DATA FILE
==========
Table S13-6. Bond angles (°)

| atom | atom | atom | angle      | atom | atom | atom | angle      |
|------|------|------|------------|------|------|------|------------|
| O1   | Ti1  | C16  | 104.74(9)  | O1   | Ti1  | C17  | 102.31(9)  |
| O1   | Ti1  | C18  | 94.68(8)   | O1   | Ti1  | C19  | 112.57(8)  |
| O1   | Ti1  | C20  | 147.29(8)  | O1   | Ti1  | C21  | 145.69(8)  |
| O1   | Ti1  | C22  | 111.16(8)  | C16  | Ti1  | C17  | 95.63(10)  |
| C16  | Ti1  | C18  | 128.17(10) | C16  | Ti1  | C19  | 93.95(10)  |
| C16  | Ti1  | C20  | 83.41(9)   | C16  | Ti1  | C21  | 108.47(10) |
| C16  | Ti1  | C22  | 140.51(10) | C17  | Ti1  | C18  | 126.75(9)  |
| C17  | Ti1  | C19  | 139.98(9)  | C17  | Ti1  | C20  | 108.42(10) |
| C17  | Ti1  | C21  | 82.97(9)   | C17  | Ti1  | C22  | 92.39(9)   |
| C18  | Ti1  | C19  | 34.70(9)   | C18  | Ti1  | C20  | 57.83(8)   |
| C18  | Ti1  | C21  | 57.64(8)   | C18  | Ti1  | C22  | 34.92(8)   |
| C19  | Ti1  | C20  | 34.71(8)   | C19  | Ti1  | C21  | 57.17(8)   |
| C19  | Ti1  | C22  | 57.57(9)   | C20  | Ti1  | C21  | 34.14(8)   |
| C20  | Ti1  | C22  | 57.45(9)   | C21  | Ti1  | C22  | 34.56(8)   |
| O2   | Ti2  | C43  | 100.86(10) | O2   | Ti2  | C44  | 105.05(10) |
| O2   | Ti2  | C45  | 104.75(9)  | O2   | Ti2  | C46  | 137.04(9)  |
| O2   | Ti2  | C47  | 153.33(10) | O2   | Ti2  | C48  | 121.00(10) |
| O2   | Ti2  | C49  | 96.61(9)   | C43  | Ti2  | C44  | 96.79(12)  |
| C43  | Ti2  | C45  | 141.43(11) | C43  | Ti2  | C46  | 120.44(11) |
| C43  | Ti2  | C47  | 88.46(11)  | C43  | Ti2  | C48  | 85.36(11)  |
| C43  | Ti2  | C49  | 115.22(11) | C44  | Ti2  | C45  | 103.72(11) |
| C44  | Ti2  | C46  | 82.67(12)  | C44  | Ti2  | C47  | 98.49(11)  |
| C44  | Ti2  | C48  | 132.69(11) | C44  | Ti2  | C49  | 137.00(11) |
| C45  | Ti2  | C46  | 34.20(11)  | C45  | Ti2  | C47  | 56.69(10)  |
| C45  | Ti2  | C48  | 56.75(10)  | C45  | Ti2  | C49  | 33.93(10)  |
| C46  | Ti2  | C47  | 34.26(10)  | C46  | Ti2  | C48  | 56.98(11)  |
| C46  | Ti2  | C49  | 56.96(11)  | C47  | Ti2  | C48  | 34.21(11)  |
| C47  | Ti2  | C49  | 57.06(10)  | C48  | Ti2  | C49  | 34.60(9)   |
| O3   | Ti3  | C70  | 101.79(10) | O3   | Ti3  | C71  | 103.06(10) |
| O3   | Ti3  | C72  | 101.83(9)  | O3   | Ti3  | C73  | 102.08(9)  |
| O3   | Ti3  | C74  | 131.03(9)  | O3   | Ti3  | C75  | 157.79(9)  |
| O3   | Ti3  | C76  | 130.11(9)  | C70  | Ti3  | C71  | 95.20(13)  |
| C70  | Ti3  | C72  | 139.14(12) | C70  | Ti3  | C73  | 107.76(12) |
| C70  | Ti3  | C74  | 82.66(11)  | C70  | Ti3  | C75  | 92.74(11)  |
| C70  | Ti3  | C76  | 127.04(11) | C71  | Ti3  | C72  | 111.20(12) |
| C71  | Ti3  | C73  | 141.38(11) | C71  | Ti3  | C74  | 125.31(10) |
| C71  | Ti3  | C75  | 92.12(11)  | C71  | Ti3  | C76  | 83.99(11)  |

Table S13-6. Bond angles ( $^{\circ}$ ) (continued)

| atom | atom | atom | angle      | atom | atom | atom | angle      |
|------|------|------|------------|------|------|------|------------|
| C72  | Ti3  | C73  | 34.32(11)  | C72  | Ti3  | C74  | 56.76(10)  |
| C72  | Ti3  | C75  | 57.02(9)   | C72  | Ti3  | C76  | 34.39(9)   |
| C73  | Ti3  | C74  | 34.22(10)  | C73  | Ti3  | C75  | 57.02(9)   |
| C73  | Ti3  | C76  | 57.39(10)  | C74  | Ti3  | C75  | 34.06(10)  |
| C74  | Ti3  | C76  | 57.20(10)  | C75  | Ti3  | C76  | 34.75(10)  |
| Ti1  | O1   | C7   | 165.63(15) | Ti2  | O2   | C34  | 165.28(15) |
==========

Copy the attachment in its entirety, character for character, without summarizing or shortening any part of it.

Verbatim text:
Table S13-6. Bond angles (°)

| atom | atom | atom | angle      | atom | atom | atom | angle      |
|------|------|------|------------|------|------|------|------------|
| O1   | Ti1  | C16  | 104.74(9)  | O1   | Ti1  | C17  | 102.31(9)  |
| O1   | Ti1  | C18  | 94.68(8)   | O1   | Ti1  | C19  | 112.57(8)  |
| O1   | Ti1  | C20  | 147.29(8)  | O1   | Ti1  | C21  | 145.69(8)  |
| O1   | Ti1  | C22  | 111.16(8)  | C16  | Ti1  | C17  | 95.63(10)  |
| C16  | Ti1  | C18  | 128.17(10) | C16  | Ti1  | C19  | 93.95(10)  |
| C16  | Ti1  | C20  | 83.41(9)   | C16  | Ti1  | C21  | 108.47(10) |
| C16  | Ti1  | C22  | 140.51(10) | C17  | Ti1  | C18  | 126.75(9)  |
| C17  | Ti1  | C19  | 139.98(9)  | C17  | Ti1  | C20  | 108.42(10) |
| C17  | Ti1  | C21  | 82.97(9)   | C17  | Ti1  | C22  | 92.39(9)   |
| C18  | Ti1  | C19  | 34.70(9)   | C18  | Ti1  | C20  | 57.83(8)   |
| C18  | Ti1  | C21  | 57.64(8)   | C18  | Ti1  | C22  | 34.92(8)   |
| C19  | Ti1  | C20  | 34.71(8)   | C19  | Ti1  | C21  | 57.17(8)   |
| C19  | Ti1  | C22  | 57.57(9)   | C20  | Ti1  | C21  | 34.14(8)   |
| C20  | Ti1  | C22  | 57.45(9)   | C21  | Ti1  | C22  | 34.56(8)   |
| O2   | Ti2  | C43  | 100.86(10) | O2   | Ti2  | C44  | 105.05(10) |
| O2   | Ti2  | C45  | 104.75(9)  | O2   | Ti2  | C46  | 137.04(9)  |
| O2   | Ti2  | C47  | 153.33(10) | O2   | Ti2  | C48  | 121.00(10) |
| O2   | Ti2  | C49  | 96.61(9)   | C43  | Ti2  | C44  | 96.79(12)  |
| C43  | Ti2  | C45  | 141.43(11) | C43  | Ti2  | C46  | 120.44(11) |
| C43  | Ti2  | C47  | 88.46(11)  | C43  | Ti2  | C48  | 85.36(11)  |
| C43  | Ti2  | C49  | 115.22(11) | C44  | Ti2  | C45  | 103.72(11) |
| C44  | Ti2  | C46  | 82.67(12)  | C44  | Ti2  | C47  | 98.49(11)  |
| C44  | Ti2  | C48  | 132.69(11) | C44  | Ti2  | C49  | 137.00(11) |
| C45  | Ti2  | C46  | 34.20(11)  | C45  | Ti2  | C47  | 56.69(10)  |
| C45  | Ti2  | C48  | 56.75(10)  | C45  | Ti2  | C49  | 33.93(10)  |
| C46  | Ti2  | C47  | 34.26(10)  | C46  | Ti2  | C48  | 56.98(11)  |
| C46  | Ti2  | C49  | 56.96(11)  | C47  | Ti2  | C48  | 34.21(11)  |
| C47  | Ti2  | C49  | 57.06(10)  | C48  | Ti2  | C49  | 34.60(9)   |
| O3   | Ti3  | C70  | 101.79(10) | O3   | Ti3  | C71  | 103.06(10) |
| O3   | Ti3  | C72  | 101.83(9)  | O3   | Ti3  | C73  | 102.08(9)  |
| O3   | Ti3  | C74  | 131.03(9)  | O3   | Ti3  | C75  | 157.79(9)  |
| O3   | Ti3  | C76  | 130.11(9)  | C70  | Ti3  | C71  | 95.20(13)  |
| C70  | Ti3  | C72  | 139.14(12) | C70  | Ti3  | C73  | 107.76(12) |
| C70  | Ti3  | C74  | 82.66(11)  | C70  | Ti3  | C75  | 92.74(11)  |
| C70  | Ti3  | C76  | 127.04(11) | C71  | Ti3  | C72  | 111.20(12) |
| C71  | Ti3  | C73  | 141.38(11) | C71  | Ti3  | C74  | 125.31(10) |
| C71  | Ti3  | C75  | 92.12(11)  | C71  | Ti3  | C76  | 83.99(11)  |

Table S13-6. Bond angles ( $^{\circ}$ ) (continued)

| atom | atom | atom | angle      | atom | atom | atom | angle      |
|------|------|------|------------|------|------|------|------------|
| C72  | Ti3  | C73  | 34.32(11)  | C72  | Ti3  | C74  | 56.76(10)  |
| C72  | Ti3  | C75  | 57.02(9)   | C72  | Ti3  | C76  | 34.39(9)   |
| C73  | Ti3  | C74  | 34.22(10)  | C73  | Ti3  | C75  | 57.02(9)   |
| C73  | Ti3  | C76  | 57.39(10)  | C74  | Ti3  | C75  | 34.06(10)  |
| C74  | Ti3  | C76  | 57.20(10)  | C75  | Ti3  | C76  | 34.75(10)  |
| Ti1  | O1   | C7   | 165.63(15) | Ti2  | O2   | C34  | 165.28(15) |